Polyolefins include ethylene polymers, such as polyethylene, or propylene polymers, such as high and low density polypropylene, and combinations thereof including combinations with other C2-C20 alpha-olefin co-monomers. Elastomeric polyolefins typically contain ethylene and propylene, together with C2-C10 olefin co-monomer units. Some particularly preferred polyolefin polymers are copolymers of ethylene with at least one other olefin monomer, referred to as “ethylene-based” because the predominant monomer by weight is ethylene such as ethylene-propylene copolymers and ethylene-octene copolymers, or copolymers of propylene and at least one other olefin monomer, referred to as “propylene based” because the predominant monomer is propylene by weight, such as propylene-ethylene copolymers. As noted above, a blend of one or more ethylene-based copolymers, or a blend of one or more propylene-based copolymers, or a blend of one or more ethylene-based copolymers with one or more propylene-based copolymers may be used in the present composition. The alpha-olefin co-monomer content in the ethylene-based copolymer is at least 20% by weight and in the range of from 20% to 50% by weight, preferably from 25% to 50% by weight, more preferably from 30% to 50% by weight. The alpha-olefin co-monomer content in the propylene-based copolymer is at least 5% by weight, preferably 5% to 30% by weight, and most preferably 5% to 20% by weight. The preferred copolymer is a propylene-ethylene copolymer. Although any polymer falling in the range of properties herein described above can be used, preferred polyolefin polymers useful in this invention are available from Dow Chemical Co. under the trade name designation Affinity (metallocene catalyzed ethylene-octene copolymers), or Versify (metallocene catalyzed propylene-based copolymers), or from ExxonMobil Chemical Co. under the trade name designation Vistamaxx (metallocene catalyzed propylene-ethylene copolymers), or from Total Petrochemical under the trade designation EOD, for example EOD-02-15 (which is a metallocene catalyzed polypropylene copolymer), or from Westlake Chemical Company under the trade designation Epolene C-10 (which is a highly branched polyethylene polymer), among others. As noted, about 2% by weight to about 30% by weight, preferably about 5% by weight to about 20% by weight, and most preferably about 5% to about 15% by weight of the metallocene catalyzed polyolefin polymer may be incorporated into the present adhesive composition.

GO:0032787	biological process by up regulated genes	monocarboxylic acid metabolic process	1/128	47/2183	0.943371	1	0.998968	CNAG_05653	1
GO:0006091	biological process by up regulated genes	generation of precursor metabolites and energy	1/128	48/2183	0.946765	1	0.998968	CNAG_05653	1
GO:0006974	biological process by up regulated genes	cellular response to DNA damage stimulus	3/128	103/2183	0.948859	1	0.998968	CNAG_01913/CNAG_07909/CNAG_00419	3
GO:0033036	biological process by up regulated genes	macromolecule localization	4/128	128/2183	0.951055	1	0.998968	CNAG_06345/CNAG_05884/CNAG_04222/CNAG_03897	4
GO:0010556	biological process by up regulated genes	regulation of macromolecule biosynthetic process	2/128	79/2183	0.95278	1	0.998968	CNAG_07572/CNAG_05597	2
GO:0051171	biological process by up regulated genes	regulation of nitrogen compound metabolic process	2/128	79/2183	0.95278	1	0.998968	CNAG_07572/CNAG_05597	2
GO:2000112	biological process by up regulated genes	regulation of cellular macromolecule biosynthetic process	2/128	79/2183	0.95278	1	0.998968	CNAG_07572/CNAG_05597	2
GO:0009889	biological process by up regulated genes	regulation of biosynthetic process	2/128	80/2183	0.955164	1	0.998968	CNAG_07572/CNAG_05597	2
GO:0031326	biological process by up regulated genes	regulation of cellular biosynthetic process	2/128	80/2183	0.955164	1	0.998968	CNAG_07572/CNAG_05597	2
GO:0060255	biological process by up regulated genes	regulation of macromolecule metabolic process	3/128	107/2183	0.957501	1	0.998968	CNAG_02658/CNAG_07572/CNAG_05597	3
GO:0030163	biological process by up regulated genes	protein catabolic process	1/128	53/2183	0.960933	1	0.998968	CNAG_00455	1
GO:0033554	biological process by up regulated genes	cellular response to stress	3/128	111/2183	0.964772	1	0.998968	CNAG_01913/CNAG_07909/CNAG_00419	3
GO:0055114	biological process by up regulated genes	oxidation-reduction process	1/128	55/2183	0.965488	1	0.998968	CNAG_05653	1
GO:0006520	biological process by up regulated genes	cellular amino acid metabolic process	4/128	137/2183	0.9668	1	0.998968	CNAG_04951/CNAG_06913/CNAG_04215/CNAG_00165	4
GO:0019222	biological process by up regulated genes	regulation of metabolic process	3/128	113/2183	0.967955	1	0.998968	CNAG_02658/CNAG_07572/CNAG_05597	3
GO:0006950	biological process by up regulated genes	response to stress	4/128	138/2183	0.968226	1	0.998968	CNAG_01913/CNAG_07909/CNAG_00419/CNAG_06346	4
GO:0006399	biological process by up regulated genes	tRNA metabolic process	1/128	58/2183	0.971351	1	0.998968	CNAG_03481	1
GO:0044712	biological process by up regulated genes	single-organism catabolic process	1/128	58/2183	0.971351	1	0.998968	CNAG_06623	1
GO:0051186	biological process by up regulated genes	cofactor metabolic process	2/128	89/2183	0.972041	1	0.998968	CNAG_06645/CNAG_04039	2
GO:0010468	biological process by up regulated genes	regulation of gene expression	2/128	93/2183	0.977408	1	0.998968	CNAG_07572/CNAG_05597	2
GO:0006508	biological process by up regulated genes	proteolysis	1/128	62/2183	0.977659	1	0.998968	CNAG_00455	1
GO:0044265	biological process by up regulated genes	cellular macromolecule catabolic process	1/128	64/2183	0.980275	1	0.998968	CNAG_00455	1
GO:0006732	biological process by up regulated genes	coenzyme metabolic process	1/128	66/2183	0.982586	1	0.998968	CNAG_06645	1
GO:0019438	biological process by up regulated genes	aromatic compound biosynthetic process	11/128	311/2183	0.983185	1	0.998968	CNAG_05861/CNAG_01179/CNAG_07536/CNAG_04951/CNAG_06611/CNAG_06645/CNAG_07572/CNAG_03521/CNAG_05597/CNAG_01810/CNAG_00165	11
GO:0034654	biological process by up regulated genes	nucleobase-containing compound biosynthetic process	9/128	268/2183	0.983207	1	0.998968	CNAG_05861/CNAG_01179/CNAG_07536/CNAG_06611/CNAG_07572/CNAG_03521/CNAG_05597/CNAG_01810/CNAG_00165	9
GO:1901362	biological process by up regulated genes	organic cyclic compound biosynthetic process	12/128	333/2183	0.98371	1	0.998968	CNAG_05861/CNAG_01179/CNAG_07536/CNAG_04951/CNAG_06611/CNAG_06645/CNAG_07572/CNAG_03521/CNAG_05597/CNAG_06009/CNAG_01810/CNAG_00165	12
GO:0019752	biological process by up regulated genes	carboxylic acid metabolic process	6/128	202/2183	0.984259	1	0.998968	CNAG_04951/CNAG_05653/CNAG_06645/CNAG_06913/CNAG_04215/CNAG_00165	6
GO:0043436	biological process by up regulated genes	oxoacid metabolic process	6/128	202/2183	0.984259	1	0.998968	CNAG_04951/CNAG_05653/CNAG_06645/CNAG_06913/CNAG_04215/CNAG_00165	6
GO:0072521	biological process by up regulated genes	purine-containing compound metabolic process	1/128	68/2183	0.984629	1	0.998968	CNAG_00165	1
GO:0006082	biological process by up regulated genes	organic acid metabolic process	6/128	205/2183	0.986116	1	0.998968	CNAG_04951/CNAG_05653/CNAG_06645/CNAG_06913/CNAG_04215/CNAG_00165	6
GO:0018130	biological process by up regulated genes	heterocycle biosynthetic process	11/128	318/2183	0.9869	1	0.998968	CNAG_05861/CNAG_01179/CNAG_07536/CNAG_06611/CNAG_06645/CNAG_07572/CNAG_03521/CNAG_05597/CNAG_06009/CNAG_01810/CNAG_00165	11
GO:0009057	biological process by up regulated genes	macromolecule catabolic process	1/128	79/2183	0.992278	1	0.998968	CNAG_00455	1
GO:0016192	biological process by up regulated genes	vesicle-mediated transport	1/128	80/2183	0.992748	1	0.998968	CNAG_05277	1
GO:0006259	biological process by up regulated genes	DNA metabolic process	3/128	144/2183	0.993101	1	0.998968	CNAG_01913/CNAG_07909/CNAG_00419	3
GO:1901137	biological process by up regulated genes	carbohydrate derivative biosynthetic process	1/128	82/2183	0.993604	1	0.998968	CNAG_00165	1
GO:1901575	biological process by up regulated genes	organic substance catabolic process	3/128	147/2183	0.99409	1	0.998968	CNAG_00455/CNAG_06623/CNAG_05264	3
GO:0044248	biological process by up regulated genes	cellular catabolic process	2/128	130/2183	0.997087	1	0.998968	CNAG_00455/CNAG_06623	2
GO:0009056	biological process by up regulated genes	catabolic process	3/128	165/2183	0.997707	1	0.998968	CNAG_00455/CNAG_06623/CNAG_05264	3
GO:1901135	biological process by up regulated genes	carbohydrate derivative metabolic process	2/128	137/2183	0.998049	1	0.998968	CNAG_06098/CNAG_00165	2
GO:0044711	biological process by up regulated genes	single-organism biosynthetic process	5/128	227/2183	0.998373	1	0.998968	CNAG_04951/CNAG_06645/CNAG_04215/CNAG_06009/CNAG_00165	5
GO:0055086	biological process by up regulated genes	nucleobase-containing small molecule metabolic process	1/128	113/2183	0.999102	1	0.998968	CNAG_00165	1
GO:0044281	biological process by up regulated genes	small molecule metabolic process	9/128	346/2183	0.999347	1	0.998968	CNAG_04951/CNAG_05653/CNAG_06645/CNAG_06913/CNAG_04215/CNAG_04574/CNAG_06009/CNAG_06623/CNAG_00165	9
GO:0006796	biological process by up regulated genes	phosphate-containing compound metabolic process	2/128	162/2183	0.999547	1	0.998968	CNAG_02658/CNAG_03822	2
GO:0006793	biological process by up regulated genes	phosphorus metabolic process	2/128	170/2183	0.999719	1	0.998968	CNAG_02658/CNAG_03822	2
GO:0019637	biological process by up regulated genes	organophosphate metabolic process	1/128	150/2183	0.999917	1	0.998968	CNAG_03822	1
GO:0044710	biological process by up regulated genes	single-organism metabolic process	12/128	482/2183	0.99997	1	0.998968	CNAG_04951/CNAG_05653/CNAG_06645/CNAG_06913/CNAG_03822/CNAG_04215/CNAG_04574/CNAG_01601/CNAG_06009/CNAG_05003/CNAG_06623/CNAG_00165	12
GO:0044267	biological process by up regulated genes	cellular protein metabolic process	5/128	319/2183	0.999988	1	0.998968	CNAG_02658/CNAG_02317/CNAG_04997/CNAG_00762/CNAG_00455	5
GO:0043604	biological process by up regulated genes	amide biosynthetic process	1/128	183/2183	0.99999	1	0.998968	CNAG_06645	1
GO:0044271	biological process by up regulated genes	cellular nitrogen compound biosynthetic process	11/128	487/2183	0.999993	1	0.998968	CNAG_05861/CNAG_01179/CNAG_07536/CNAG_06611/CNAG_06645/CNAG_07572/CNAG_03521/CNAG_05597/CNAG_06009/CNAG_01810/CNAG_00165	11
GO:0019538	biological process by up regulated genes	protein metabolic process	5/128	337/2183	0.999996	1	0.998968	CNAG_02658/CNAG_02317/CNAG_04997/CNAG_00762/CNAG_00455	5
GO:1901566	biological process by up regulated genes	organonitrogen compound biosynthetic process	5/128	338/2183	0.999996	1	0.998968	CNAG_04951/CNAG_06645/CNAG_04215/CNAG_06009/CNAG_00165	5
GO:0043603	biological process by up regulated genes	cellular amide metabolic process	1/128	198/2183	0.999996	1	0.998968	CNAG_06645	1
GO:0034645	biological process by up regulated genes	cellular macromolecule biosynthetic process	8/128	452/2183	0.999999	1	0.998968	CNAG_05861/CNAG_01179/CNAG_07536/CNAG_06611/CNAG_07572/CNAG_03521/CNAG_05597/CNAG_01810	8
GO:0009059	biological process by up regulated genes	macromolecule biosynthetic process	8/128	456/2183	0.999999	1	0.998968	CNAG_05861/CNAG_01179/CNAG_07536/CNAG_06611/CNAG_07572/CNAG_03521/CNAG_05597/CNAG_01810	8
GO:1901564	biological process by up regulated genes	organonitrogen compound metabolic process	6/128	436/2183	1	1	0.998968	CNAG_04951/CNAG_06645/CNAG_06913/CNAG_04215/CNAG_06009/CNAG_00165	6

A functionalized metallocene catalyzed polyolefin elastomer may also be employed as the secondary olefin polymer. The term “functionalized” refers to polymers which are chemically modified so as to contain a functional group such as epoxy, silane, sulfonate, amide, and particularly anhydride, on the polymer backbone. Particularly preferred is a metallocene catalyzed polyolefin elastomer grafted with maleic anhydride (MAH) functionality. An example of these MAH grafted metallocene polymers includes Affinity® GA1000R from Dow Chemical Company. This polymer has a density of 0.878 grams/c.c., a DSC melting point of 68° C. and a Glass Transition Temperature of −58° C. via DSC. The Brookfield Viscosity at 177° C. is 13,000 centipoise (cP) and the Melt Index (ASTM 1238 with 190° C., 2.16 kg weight) is about 660 grams/10 minutes.

The APAO component useful as the secondary olefin polymer in the present invention comprises several different categories of atactic, low molecular weight, low melt viscosity, and substantially amorphous homopolymers of propylene or ethylene, or copolymers of propylene or ethylene with an alpha-olefin co-monomer. A blend of one or more APAO polymers may also be used in the present composition. The term “substantially amorphous” is defined herein as having a degree of crystallinity less than 30%, as determined by differential scanning calorimetry (DSC) against a highly crystalline polypropylene standard. These preferred APAO polymers can be either homopolymers of propylene or copolymers of propylene with one or more alpha-olefin co-monomer, such as, for example, ethylene, butene-1, hexene-1 and octene-1. The weight average molecular weight of the APAO polymers in the scope of the present invention is in the range of from about 4,000 to about 150,000 g/mol, preferably from about 10,000 to about 100,000 g/mol. The APAO polymers have advantageously a softening point between about 80 and 170° C. and a glass transition temperature from about −5 to −40° C. Although any APAO polymer falling in the range of physical properties herein described above can be used, the most preferred APAO is selected from the group consisting of propylene homopolymer, propylene-ethylene copolymer, propylene-butene-1 copolymer, propylene-ethylene-butene-1 terpolymer, and butene-propylene copolymers. The APAO polymers of the types herein described above are commercially available from Eastman Chemical Company, Kingsport, Tenn., under the trade name designation Eastoflex or from REXtac, LLC, Houston, Tex., under the trade name designation Rextac or from Degussa Corporation, Passipanny, N.J., under the trade name designation Vestoplast. As noted, about 2% to about 30% by weight APAO may be blended into the adhesive composition, preferably about 5% to about 20% by weight, and most preferably about 5% to about 15% by weight.